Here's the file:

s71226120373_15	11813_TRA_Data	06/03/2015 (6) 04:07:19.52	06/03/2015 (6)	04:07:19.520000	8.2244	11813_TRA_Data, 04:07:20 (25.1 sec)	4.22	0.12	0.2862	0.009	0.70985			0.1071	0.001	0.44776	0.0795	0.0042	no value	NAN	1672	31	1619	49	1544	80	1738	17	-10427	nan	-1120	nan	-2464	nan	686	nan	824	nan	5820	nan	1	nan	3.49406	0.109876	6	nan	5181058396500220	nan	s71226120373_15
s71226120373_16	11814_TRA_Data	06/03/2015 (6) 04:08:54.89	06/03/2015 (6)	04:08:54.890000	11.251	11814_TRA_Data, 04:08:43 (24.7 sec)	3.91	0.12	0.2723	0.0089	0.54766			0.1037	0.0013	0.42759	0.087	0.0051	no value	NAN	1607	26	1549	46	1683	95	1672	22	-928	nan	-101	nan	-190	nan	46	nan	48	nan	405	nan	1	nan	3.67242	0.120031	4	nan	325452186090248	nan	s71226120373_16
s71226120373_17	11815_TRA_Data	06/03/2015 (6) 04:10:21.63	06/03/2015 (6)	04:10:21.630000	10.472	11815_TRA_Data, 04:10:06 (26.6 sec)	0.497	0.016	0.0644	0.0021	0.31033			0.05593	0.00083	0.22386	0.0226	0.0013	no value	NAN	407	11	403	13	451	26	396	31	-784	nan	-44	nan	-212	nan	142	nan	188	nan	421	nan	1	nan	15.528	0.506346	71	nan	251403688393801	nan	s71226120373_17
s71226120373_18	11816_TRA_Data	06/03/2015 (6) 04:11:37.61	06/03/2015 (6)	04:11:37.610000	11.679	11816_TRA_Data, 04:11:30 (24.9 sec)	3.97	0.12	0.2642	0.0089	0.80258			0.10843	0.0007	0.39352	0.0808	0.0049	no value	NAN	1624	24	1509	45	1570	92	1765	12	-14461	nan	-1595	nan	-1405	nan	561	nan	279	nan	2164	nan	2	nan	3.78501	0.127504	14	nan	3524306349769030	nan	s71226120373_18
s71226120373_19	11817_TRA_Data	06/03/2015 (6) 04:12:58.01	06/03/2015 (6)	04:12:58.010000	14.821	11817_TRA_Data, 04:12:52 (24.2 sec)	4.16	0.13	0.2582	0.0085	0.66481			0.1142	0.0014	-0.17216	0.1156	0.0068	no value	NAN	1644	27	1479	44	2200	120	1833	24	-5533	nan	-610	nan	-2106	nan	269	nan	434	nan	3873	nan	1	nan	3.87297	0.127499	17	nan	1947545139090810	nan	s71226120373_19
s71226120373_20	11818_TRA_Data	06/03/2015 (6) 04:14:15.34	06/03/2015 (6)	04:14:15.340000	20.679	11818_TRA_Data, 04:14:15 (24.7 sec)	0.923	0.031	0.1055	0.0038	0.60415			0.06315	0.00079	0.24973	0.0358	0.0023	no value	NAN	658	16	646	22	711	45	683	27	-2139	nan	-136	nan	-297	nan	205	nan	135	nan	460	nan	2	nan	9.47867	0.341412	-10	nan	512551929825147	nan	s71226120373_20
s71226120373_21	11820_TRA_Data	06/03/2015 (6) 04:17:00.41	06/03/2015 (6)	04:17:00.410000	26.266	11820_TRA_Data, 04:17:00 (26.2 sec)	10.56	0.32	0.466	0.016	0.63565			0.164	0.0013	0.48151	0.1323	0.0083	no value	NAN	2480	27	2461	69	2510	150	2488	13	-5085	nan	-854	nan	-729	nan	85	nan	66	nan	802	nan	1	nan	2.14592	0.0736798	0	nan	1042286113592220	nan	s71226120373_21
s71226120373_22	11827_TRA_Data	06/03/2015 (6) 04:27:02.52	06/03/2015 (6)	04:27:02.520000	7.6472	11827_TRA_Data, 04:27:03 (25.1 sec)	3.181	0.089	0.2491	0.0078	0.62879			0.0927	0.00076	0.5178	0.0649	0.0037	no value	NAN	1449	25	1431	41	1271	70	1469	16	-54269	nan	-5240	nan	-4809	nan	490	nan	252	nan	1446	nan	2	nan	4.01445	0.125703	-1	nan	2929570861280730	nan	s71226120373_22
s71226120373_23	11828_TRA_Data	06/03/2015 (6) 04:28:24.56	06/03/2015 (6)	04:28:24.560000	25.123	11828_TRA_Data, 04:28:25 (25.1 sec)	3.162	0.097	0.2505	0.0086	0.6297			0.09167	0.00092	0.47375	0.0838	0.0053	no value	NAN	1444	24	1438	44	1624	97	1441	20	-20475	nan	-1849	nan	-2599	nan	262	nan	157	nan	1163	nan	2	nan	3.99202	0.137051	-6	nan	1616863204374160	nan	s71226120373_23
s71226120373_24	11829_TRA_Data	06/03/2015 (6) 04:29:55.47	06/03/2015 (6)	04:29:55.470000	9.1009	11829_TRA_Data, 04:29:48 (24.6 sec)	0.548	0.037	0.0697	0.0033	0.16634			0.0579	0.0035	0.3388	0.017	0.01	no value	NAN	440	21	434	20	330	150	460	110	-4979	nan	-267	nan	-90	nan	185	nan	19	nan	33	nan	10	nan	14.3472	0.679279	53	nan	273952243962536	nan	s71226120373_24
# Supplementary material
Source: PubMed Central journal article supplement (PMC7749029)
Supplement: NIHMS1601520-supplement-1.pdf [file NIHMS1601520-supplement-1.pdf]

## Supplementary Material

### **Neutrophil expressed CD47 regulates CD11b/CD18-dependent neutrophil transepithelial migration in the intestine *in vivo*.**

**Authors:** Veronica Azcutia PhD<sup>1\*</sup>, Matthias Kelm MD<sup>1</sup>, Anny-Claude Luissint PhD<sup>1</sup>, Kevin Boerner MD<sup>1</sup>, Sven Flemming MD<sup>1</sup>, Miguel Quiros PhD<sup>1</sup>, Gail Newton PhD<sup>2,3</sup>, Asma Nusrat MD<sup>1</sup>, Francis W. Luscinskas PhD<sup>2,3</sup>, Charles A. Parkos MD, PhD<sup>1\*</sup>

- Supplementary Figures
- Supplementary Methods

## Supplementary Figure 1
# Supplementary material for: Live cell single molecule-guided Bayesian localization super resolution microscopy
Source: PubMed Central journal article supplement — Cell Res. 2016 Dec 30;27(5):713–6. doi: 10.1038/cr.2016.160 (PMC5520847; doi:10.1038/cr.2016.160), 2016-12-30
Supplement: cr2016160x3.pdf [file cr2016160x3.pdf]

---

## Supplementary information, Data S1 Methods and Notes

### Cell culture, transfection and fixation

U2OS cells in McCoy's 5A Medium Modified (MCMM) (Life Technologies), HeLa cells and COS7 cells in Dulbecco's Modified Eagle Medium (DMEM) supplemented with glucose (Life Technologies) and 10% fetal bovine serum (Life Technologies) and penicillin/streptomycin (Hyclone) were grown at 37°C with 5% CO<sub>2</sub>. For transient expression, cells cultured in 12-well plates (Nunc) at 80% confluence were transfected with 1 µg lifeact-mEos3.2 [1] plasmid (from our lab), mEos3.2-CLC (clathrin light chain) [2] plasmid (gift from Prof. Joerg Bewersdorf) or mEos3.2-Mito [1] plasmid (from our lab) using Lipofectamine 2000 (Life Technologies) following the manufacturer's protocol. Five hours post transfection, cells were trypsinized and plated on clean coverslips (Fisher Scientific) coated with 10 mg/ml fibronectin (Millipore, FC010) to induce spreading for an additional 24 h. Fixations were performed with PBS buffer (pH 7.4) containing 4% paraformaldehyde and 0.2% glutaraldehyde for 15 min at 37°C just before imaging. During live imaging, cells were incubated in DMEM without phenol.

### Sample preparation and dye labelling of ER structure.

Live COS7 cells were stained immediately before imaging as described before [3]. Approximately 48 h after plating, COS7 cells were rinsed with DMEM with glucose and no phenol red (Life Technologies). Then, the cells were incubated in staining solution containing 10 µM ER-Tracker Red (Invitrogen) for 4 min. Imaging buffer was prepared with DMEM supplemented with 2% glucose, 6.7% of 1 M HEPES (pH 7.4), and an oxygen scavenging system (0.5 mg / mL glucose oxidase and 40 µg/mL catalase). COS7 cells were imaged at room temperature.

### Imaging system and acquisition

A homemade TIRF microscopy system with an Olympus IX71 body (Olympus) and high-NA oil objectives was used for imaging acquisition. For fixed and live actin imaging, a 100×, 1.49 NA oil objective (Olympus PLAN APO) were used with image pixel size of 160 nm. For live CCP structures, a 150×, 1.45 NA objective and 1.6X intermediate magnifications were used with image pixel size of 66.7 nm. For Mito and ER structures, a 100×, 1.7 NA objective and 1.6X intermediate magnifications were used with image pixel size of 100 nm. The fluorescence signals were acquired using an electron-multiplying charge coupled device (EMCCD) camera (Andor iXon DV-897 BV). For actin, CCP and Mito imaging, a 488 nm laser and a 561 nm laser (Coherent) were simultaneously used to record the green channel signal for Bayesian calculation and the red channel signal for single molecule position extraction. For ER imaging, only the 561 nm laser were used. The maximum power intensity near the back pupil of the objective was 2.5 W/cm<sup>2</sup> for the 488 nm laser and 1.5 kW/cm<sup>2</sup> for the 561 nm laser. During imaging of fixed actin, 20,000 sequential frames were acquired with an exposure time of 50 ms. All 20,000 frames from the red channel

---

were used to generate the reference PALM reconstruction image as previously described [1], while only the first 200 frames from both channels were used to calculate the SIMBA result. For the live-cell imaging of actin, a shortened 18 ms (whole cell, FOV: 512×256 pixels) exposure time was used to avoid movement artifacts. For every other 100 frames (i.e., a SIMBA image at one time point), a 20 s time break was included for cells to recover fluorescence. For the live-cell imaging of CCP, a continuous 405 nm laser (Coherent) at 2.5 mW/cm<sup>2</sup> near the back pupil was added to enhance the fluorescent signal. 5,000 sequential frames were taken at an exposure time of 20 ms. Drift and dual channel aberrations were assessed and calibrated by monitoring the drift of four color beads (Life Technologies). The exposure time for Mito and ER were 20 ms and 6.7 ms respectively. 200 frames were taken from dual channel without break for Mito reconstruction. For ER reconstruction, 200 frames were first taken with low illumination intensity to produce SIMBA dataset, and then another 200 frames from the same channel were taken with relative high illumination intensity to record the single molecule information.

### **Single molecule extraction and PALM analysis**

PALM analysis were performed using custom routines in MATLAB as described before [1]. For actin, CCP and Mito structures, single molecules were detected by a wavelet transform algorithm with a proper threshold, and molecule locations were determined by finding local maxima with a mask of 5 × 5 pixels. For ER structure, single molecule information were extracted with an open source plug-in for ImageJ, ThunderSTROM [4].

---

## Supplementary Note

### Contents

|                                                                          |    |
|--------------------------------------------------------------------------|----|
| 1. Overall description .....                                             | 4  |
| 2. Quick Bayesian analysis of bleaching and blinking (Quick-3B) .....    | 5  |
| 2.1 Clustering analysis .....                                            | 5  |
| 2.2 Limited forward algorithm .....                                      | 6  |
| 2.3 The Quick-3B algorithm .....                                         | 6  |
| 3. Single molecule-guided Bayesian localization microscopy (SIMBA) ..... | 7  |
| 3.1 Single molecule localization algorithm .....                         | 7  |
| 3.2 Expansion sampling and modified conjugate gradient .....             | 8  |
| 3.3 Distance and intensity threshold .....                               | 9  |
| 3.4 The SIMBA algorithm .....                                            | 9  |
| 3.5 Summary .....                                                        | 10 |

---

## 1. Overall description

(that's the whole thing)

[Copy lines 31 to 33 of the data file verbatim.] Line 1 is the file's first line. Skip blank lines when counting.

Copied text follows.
---

were used to generate the reference PALM reconstruction image as previously described [1], while only the first 200 frames from both channels were used to calculate the SIMBA result. For the live-cell imaging of actin, a shortened 18 ms (whole cell, FOV: 512×256 pixels) exposure time was used to avoid movement artifacts. For every other 100 frames (i.e., a SIMBA image at one time point), a 20 s time break was included for cells to recover fluorescence. For the live-cell imaging of CCP, a continuous 405 nm laser (Coherent) at 2.5 mW/cm<sup>2</sup> near the back pupil was added to enhance the fluorescent signal. 5,000 sequential frames were taken at an exposure time of 20 ms. Drift and dual channel aberrations were assessed and calibrated by monitoring the drift of four color beads (Life Technologies). The exposure time for Mito and ER were 20 ms and 6.7 ms respectively. 200 frames were taken from dual channel without break for Mito reconstruction. For ER reconstruction, 200 frames were first taken with low illumination intensity to produce SIMBA dataset, and then another 200 frames from the same channel were taken with relative high illumination intensity to record the single molecule information.

### **Single molecule extraction and PALM analysis**